Michael Adams has been charged with first-degree premeditated murder. Photo MGN Online


Law enforcement officials identified the killer as Michael Paul Adams, 27. Elijah had stopped at the convenience store after work and walked into the store followed by Mr. Adams. Witnesses say there was no conversation or any type of confrontation prior to Mr. Adams’ attack. The police found Mr. Adams walking nearby the convenience store.

And according to probable cause documents filed by Peoria, Ariz., Mr. Adams confessed, telling them he felt unsafe because of the rap music Elijah was playing. According to court documents, Mr. Adams yelled at detectives and said “rap music made him feel unsafe because in the past, he was attacked by people who listened to that music genre.” Mr. Adams is also said to have told detectives he “needed to be proactive than reactive and protect himself and the community from the victim.”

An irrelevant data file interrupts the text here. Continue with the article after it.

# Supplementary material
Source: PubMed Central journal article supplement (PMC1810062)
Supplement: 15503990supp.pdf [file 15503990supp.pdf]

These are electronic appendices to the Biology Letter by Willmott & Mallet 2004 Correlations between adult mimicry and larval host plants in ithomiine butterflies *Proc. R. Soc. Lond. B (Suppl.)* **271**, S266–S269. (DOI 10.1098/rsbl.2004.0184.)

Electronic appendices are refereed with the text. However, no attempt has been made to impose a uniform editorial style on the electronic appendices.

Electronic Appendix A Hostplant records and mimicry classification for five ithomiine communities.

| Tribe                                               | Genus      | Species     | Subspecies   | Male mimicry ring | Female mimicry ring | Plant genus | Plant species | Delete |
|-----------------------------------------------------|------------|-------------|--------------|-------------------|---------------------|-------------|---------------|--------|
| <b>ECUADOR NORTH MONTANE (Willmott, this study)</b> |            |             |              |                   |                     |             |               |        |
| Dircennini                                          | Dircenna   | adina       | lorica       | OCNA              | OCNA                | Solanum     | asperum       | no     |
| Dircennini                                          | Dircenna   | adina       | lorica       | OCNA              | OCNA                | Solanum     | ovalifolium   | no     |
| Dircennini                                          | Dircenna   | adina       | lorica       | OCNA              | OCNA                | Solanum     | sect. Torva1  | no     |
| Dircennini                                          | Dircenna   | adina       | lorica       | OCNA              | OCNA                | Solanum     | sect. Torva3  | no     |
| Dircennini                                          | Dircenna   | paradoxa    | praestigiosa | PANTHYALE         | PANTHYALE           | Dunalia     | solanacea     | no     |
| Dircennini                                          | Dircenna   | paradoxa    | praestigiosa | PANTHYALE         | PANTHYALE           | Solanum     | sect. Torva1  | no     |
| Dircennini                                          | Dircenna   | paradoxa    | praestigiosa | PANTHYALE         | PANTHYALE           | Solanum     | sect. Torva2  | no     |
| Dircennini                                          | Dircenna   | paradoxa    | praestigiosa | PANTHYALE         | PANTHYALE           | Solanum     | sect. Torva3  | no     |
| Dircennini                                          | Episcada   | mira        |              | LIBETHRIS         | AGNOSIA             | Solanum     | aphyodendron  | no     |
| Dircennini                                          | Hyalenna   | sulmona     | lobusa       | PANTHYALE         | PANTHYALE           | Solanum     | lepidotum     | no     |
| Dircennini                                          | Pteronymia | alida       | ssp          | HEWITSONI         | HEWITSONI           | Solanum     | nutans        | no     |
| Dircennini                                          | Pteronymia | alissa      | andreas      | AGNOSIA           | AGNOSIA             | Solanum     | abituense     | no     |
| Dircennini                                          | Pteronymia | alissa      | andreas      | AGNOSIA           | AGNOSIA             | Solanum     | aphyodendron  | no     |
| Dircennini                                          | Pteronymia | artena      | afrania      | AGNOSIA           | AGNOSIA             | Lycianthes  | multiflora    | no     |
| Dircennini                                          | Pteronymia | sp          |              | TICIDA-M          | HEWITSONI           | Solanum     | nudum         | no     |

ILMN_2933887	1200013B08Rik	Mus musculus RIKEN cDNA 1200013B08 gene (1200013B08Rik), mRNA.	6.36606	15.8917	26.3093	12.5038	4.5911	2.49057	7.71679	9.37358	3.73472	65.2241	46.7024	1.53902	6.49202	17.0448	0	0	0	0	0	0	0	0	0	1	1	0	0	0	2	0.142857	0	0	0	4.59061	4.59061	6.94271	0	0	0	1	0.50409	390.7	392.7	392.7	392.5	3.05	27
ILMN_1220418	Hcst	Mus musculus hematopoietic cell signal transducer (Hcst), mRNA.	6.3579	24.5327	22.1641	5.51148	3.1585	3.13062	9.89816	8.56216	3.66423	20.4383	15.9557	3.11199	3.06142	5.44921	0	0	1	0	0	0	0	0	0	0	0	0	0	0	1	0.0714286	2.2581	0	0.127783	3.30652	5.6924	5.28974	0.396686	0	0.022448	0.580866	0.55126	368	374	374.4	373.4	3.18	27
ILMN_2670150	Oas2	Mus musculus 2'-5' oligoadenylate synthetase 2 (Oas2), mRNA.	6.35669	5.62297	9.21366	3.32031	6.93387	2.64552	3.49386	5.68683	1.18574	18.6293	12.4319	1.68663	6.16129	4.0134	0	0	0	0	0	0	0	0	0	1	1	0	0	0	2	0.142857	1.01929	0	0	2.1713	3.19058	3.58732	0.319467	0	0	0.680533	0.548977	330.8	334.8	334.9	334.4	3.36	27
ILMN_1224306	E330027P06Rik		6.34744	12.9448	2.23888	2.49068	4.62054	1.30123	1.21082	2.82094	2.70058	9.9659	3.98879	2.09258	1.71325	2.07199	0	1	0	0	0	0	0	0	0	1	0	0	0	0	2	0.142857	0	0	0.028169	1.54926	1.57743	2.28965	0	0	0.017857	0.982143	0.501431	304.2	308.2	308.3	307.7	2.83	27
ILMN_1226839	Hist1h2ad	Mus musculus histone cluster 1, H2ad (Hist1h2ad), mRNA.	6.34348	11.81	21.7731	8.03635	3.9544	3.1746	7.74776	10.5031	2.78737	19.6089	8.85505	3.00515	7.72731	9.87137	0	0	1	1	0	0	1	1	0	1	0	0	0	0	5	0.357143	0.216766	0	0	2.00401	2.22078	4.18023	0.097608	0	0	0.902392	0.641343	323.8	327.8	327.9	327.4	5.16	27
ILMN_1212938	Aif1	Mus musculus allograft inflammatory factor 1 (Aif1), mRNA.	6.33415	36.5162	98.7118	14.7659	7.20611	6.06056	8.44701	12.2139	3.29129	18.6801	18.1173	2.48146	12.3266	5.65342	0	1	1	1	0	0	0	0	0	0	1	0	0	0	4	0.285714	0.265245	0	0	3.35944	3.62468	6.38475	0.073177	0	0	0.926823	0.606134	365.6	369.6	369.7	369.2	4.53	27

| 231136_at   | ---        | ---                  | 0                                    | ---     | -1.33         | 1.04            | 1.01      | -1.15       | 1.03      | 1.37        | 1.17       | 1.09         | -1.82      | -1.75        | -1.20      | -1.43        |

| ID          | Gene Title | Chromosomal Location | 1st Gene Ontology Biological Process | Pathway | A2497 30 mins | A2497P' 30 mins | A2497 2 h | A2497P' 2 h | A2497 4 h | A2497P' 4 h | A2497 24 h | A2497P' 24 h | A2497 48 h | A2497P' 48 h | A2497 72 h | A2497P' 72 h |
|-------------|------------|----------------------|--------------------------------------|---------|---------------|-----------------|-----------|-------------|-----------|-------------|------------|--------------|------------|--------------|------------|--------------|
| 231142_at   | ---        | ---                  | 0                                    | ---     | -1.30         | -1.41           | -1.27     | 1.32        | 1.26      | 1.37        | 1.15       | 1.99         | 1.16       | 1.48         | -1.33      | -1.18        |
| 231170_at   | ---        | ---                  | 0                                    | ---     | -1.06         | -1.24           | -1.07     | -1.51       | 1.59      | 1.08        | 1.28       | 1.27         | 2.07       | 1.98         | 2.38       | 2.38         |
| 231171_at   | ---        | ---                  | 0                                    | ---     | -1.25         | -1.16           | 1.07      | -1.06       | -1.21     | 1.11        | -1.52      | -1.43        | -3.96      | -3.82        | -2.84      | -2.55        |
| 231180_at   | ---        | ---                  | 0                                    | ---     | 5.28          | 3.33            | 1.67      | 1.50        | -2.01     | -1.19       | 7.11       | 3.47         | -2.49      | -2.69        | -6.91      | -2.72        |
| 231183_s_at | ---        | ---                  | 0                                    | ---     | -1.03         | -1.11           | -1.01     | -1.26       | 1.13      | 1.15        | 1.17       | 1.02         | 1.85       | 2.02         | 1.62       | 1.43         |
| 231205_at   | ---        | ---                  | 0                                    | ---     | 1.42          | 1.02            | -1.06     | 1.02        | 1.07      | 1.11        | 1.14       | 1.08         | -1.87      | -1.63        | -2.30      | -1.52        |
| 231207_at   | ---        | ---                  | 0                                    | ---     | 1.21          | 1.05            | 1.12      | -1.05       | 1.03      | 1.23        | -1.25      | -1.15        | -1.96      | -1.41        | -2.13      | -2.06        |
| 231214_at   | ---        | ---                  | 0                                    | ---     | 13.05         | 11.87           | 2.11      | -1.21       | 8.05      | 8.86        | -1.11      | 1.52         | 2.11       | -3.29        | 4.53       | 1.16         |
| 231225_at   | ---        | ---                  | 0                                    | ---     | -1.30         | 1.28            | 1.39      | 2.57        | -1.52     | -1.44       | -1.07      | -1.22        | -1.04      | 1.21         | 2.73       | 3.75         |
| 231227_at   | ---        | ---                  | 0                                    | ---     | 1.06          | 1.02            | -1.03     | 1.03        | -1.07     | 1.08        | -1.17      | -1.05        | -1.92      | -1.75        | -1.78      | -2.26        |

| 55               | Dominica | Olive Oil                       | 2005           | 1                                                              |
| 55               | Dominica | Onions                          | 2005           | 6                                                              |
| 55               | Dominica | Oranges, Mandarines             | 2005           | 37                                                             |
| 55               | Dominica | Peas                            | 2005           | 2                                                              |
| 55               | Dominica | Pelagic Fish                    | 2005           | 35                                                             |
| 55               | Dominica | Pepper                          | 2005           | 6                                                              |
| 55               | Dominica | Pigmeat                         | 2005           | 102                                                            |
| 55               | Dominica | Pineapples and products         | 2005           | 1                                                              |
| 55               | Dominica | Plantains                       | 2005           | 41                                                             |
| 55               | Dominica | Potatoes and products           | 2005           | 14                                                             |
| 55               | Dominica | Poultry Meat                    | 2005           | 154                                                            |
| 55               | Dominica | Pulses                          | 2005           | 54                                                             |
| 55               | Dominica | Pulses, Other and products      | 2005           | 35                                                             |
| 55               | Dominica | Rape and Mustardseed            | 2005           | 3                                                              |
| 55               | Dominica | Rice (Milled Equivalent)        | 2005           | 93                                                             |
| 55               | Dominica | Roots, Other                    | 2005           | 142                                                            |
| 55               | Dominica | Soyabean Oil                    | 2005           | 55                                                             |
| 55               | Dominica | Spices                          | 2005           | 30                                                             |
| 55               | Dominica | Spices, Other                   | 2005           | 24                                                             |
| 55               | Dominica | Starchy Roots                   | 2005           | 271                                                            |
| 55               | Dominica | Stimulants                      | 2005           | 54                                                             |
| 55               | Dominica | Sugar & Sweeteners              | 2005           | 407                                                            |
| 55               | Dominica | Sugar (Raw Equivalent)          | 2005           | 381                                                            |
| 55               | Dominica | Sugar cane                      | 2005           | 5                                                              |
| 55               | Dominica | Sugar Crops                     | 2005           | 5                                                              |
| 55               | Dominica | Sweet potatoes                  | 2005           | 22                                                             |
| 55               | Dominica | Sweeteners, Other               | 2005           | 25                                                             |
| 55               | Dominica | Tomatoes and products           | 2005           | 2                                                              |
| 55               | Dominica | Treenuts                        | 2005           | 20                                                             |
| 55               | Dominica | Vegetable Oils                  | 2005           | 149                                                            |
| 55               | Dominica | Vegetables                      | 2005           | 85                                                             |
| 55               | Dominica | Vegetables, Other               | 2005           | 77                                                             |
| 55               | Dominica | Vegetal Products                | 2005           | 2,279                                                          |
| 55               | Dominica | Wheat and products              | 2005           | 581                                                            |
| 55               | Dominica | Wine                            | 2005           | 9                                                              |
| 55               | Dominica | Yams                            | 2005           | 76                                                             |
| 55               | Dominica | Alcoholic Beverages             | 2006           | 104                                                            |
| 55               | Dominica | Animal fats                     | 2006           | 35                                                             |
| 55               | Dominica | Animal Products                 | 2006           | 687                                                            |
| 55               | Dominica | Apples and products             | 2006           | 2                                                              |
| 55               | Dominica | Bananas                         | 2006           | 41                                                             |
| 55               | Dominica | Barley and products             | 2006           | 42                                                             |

Mr. Adams was booked into the Maricopa County jail on suspicion of first-degree premeditated murder and held on a $1 million bond. His arraignment was scheduled for July 18.

In his first court appearance, Mr. Adams’ lawyer Jacie Cotterell told the court he’s mentally ill. She repeated her assertion in a TV interview where she accused the Arizona Department of Corrections of releasing Mr. Adams without sufficient supervision or resources.

“They released him to the streets with no holdover meds, no way to care for himself,” Ms. Cotterell said. “This is a disabled person and he’s been released into the world and left to fend for himself. And two days later, this is where we are.”

Ms. Cotterell said Adams needs to be treated for his illness, not sent to prison. She also said she wants to see policy changes and more resources and psychiatric help made available for incarcerated individuals while they’re behind bars.